The beginnings of writing dialogue can be daunting, to capture many perspectives and make each one unique isn’t easy. Here are a few tips every writer needs to know when writing dialogue. Personally, dialogue falls into focus post-second draft. Having a good idea of what they say, loosely, then focusing intently on dialogue when your plots wrapped up. Working in layers from the big picture to the minor details was always the best course of action for me. That goes for any project!
Make your Characters speak Differently
Have you ever read something where the characters sound like the same person? Yeah, it’s difficult get past when your Russian character reads like an Mid-west American accent. It takes practice to nail the way someone speaks. If you have difficulty with making dialogue different, then focusing on mannerisms can help a lot. If that doesn’t help, then going back to the drawing board might be an option.
Getting to know your characters inside and out will keep you from getting hung up on the little things and will make the writing process a lot smoother.
Yeah, there’s situations in your dialogue where you might want to drop a paragraph of information to establish characters, the world, how it all works, etc. I’m telling you now, don’t! There are other ways to convey information by having your characters ‘do‘ instead of ‘listen’. I know some of you might be worried about confusing your readers. Don’t worry, readers are smarter than you think! They don’t need info dumps to baby them. A little mystery can push the narrative, so keep your readers asking questions.
“Hi, how are you?” “I’m fine… you?” “Not to bad, like your new coat.”
This example of small talk is something you never want in you novel. Yes, its relatable, we all have small talk to awkwardly fill the silence when were not completely comfortable. Yet it lacks compelling friction and make your characters feel bland. You want to relate to the reader with more compelling traits in speech. Getting right to the words that push the plot and build character even. Unless small talk is a defining character trait/ moment and has relevance in your story, leave it out!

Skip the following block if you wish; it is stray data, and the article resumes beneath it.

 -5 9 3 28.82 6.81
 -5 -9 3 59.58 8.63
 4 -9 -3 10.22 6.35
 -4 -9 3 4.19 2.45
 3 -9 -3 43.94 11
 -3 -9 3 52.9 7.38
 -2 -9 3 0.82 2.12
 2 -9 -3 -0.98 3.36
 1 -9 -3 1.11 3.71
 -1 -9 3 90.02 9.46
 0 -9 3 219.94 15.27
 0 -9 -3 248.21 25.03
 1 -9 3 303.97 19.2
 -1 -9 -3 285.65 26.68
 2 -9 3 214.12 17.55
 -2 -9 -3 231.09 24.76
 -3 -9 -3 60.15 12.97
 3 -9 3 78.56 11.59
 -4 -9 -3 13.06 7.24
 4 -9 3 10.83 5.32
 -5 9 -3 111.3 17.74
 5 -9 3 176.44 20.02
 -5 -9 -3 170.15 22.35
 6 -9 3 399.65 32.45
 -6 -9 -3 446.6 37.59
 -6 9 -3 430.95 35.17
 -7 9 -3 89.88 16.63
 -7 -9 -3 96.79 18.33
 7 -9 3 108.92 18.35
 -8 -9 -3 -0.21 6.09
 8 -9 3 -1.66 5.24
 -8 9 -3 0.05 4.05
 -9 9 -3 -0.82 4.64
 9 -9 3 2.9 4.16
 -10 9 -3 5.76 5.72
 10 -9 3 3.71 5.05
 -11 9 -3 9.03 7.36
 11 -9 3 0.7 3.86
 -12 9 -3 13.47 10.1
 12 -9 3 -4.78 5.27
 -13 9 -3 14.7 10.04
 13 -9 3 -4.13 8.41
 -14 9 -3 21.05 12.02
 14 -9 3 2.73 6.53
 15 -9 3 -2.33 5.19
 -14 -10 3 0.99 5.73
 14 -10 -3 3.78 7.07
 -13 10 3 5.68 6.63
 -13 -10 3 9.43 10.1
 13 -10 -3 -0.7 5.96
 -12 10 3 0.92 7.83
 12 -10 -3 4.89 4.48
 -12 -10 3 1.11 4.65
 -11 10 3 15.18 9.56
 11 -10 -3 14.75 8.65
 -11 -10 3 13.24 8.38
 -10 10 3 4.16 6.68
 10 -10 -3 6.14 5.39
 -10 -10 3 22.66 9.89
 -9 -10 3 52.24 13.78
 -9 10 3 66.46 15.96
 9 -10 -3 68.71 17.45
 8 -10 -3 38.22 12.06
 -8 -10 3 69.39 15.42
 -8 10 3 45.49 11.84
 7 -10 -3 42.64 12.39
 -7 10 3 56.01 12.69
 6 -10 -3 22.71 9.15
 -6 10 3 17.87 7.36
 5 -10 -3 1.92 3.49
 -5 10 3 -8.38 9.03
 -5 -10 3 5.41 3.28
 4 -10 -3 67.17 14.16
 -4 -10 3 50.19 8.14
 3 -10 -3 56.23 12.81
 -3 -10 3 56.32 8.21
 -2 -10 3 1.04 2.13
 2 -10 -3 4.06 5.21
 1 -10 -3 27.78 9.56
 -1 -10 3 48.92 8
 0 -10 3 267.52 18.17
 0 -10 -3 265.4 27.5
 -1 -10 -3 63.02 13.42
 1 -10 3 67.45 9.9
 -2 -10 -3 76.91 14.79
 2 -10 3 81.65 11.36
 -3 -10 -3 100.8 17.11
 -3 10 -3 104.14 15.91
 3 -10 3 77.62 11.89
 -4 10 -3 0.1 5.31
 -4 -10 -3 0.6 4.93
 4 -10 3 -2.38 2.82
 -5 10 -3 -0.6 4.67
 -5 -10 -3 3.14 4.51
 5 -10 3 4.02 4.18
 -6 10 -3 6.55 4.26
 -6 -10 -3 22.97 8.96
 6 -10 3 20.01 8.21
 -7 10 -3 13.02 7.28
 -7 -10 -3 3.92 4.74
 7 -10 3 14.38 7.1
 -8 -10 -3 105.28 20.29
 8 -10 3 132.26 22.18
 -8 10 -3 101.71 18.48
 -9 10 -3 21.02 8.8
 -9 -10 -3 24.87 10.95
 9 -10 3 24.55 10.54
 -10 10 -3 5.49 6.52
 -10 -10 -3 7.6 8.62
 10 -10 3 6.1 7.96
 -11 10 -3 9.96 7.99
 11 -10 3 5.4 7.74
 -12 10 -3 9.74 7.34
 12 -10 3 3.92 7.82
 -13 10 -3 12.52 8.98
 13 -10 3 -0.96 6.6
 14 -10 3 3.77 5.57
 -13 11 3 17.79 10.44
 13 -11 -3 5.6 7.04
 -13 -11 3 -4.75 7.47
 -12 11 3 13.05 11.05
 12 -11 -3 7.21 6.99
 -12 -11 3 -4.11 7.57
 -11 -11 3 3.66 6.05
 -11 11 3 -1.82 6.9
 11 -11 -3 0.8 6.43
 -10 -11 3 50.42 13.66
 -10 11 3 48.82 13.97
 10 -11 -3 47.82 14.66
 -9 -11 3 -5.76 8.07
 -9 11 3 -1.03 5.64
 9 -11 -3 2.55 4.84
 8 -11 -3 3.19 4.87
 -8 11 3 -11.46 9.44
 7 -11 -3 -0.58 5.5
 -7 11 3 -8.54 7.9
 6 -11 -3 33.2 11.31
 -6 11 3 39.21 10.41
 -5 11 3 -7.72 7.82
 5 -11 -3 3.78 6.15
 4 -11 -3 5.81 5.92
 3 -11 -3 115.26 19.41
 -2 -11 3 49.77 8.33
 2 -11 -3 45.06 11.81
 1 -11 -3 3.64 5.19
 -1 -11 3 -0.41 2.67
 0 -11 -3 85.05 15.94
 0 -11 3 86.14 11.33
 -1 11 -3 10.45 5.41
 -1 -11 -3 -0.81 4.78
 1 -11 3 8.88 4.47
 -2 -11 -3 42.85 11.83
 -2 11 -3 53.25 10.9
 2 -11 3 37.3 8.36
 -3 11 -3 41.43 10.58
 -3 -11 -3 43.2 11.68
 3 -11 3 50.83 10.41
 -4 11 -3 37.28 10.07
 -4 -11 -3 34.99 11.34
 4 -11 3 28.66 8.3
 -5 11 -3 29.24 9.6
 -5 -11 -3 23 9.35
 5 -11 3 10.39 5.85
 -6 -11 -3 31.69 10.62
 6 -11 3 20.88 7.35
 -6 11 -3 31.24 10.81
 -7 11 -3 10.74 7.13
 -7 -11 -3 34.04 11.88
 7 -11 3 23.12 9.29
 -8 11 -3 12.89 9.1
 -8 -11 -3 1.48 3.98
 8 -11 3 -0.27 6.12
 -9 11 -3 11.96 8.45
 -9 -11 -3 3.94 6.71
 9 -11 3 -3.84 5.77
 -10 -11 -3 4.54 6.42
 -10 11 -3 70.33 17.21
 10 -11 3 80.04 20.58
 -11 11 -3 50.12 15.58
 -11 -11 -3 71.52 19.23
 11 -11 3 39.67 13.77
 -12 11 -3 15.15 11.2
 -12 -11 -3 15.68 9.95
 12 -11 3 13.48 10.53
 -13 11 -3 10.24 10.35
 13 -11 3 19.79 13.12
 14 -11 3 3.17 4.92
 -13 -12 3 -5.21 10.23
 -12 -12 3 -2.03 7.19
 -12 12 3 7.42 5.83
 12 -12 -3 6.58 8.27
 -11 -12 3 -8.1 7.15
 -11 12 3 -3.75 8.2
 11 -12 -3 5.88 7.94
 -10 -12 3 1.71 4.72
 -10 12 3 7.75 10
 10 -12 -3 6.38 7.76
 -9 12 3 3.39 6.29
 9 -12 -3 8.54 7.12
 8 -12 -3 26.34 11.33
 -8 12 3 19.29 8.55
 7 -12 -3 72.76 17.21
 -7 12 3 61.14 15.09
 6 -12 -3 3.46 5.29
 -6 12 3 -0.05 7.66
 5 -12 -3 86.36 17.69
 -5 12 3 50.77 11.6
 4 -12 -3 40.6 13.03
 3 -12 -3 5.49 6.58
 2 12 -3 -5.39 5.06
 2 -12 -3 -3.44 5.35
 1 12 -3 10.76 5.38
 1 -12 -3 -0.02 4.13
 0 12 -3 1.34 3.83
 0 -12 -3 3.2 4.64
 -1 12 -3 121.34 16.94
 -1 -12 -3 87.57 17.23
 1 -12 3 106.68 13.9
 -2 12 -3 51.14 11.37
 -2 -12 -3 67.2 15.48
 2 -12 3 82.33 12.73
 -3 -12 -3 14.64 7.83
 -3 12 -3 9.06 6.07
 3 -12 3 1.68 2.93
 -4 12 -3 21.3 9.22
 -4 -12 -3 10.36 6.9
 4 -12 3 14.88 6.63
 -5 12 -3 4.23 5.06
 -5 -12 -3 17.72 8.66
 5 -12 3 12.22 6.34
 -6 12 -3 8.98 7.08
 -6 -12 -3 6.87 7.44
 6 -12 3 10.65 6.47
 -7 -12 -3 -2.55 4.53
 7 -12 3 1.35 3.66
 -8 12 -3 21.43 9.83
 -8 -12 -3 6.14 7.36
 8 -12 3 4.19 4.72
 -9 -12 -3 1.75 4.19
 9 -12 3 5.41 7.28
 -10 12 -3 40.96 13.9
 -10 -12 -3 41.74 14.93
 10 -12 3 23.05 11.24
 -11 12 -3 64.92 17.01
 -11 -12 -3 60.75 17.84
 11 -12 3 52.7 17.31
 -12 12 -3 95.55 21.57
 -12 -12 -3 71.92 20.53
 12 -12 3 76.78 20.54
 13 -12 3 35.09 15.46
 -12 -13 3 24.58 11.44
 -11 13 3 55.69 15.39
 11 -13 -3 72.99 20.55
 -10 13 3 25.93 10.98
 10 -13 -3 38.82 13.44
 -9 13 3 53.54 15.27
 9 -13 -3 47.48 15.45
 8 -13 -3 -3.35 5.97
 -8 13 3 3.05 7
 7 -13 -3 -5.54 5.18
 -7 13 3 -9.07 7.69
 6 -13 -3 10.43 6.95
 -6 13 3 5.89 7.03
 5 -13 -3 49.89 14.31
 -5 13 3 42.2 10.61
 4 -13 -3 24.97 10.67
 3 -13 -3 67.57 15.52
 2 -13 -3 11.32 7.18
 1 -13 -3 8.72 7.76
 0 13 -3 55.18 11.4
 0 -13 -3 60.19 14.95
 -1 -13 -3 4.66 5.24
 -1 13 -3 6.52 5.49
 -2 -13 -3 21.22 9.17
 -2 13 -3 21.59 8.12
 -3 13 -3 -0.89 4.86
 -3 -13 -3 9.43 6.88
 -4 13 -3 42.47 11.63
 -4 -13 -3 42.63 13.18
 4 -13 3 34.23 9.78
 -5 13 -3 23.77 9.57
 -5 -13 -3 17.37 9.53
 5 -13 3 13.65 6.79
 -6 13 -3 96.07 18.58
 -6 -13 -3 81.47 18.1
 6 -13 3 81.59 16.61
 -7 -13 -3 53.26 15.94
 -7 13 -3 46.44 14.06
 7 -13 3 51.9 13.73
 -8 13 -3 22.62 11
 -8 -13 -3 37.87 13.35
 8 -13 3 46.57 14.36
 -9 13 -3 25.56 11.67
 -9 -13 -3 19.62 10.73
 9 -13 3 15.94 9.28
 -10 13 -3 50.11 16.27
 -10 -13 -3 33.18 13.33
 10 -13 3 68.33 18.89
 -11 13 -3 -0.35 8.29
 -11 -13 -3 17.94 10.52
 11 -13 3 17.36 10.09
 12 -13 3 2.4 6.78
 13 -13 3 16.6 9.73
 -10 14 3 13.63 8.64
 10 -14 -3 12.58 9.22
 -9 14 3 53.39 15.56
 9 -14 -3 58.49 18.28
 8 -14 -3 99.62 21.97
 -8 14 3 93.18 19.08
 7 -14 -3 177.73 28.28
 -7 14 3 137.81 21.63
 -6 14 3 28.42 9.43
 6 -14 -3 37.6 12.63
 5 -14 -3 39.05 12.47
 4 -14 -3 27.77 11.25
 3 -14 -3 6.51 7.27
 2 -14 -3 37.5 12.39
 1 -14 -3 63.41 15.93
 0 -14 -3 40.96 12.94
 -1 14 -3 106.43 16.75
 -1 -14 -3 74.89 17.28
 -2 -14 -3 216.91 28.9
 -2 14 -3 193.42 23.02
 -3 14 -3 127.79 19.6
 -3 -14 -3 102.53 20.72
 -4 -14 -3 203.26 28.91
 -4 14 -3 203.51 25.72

Read out Loud!
I can’t tell you the amount of editing you can accomplish on your own, when reading the dialogue out loud. We can have tendencies to veer off our sentence flow when constantly rewording or rephrasing things to keep characters true to form. After finishing a chapter, its best to read over it out loud and fix any hang ups that could give you high school English teacher an aneurysm. Just think how people actually talk and capture that as best as you can.
Doing this for your second draft will keep your editors happier if you didn’t. Cutting cost and heart break when the dialogue ruins the readers experience, because of the convoluted sentence structure.
When placing tags in your dialogue, it’s easy to settle on ‘he said, she said’ tags, ultimately making the conversation come off very stale.
In stead of following the ‘he said, she said’ formula, opt for variance to carry the tone. Using words like ‘she shouted, he lamented’ or ‘she stammered off, eventually barring silent and skiddish.” These sort of variances add real world dynamics to who these characters are and make them a ton more relatable. Implying body language speaks volumes about the tone of a scene if you do it right.
You could even get away with leaving the tags out all together, Especially when you want to keep your dialogue quick and snappy. The use of dialogue structure can aid you when using tags just becomes over-barring. It can slow down the pace of your intended scene.
Just keep in mind that a new person speaks every-time you indent another line of dialogue. There are exceptions to this, when two ‘and it you want to get weird, three’ characters finish an illustrated though in a sentence. For example: When someone interrupts another speaker.
I hope you found this information useful, Keep writing and check out my other blogs for helpful information!